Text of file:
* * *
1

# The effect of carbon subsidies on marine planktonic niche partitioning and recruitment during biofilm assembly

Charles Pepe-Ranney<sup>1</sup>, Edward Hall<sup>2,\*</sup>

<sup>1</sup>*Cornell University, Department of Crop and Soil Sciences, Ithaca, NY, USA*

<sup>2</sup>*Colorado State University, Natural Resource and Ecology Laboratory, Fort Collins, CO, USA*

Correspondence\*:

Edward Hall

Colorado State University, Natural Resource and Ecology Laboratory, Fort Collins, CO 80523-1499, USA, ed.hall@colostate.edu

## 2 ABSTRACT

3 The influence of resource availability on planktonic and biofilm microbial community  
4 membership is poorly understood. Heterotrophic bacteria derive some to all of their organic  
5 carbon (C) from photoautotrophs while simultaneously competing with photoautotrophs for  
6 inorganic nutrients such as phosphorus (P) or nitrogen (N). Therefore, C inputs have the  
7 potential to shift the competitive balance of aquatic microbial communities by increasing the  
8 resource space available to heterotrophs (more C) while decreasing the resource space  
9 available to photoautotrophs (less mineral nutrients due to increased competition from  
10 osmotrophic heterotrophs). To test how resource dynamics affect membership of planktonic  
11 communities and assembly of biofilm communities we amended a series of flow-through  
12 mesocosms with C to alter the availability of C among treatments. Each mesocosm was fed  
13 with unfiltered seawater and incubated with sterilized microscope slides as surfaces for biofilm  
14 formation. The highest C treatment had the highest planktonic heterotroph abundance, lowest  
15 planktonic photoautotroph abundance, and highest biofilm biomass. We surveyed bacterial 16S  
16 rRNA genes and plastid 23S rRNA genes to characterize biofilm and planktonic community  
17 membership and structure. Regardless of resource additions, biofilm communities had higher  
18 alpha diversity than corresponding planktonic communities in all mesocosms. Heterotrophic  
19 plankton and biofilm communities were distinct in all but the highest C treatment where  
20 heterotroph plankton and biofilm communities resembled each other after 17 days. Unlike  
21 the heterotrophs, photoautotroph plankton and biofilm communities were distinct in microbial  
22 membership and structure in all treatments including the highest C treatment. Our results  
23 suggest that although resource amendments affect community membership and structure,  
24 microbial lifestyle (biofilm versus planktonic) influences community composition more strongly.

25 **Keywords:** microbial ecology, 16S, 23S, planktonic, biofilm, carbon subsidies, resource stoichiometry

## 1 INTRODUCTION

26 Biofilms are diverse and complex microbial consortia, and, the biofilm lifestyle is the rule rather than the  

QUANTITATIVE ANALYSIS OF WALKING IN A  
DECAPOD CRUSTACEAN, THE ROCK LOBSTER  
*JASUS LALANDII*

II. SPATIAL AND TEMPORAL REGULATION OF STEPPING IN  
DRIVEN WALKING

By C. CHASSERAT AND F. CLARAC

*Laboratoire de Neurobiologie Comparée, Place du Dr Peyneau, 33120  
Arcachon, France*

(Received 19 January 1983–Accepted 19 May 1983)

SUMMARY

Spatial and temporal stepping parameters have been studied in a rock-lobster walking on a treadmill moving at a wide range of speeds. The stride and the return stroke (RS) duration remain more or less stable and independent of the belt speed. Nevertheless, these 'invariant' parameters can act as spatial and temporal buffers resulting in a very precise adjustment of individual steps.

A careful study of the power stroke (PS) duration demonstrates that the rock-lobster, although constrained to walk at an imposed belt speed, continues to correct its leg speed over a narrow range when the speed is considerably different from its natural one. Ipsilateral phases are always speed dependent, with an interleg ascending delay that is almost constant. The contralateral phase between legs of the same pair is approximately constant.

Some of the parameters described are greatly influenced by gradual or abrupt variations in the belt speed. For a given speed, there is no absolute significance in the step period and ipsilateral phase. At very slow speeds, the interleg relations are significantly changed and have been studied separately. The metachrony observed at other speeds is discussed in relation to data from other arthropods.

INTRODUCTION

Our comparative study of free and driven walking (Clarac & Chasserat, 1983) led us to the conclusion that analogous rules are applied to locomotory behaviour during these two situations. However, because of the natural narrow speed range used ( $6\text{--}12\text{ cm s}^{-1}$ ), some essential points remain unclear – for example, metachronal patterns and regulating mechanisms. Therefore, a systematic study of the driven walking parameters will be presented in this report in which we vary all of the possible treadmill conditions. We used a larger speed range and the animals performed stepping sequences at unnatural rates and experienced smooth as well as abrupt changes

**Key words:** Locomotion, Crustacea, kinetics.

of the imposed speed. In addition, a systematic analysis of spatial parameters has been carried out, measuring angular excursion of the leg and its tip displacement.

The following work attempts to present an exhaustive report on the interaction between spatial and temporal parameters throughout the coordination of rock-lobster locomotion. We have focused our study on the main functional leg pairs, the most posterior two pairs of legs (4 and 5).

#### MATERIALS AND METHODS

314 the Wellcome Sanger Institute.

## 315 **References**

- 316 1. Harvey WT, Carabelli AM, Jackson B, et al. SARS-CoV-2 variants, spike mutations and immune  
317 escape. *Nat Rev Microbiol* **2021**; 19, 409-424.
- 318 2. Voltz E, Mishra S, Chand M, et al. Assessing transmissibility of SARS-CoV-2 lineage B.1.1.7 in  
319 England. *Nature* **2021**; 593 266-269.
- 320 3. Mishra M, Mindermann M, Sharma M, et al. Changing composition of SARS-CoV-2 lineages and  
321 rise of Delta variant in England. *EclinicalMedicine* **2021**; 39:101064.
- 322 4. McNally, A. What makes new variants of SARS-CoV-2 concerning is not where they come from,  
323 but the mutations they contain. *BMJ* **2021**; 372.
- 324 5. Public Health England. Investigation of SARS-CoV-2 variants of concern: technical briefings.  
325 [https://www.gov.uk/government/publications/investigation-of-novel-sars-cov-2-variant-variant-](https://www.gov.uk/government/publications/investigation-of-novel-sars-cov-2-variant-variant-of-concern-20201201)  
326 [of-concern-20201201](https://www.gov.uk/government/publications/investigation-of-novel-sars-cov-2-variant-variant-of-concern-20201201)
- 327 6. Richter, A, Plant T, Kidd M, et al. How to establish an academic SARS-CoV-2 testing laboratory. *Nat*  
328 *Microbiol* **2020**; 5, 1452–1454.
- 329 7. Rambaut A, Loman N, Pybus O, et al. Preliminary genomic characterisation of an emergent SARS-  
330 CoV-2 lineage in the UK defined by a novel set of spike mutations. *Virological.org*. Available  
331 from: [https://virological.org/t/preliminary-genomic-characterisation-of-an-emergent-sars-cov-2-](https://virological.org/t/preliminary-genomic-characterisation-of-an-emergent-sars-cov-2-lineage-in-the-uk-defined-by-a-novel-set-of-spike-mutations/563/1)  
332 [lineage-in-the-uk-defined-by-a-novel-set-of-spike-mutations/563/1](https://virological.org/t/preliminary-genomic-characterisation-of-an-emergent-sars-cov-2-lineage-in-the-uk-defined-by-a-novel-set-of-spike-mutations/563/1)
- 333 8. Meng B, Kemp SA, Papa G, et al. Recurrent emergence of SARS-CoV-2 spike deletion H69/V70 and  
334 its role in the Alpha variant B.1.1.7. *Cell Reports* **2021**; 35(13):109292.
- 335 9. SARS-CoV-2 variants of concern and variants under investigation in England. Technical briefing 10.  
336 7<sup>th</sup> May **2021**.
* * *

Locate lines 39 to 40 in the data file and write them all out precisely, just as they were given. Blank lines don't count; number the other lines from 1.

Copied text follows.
DRIVEN WALKING

By C. CHASSERAT AND F. CLARAC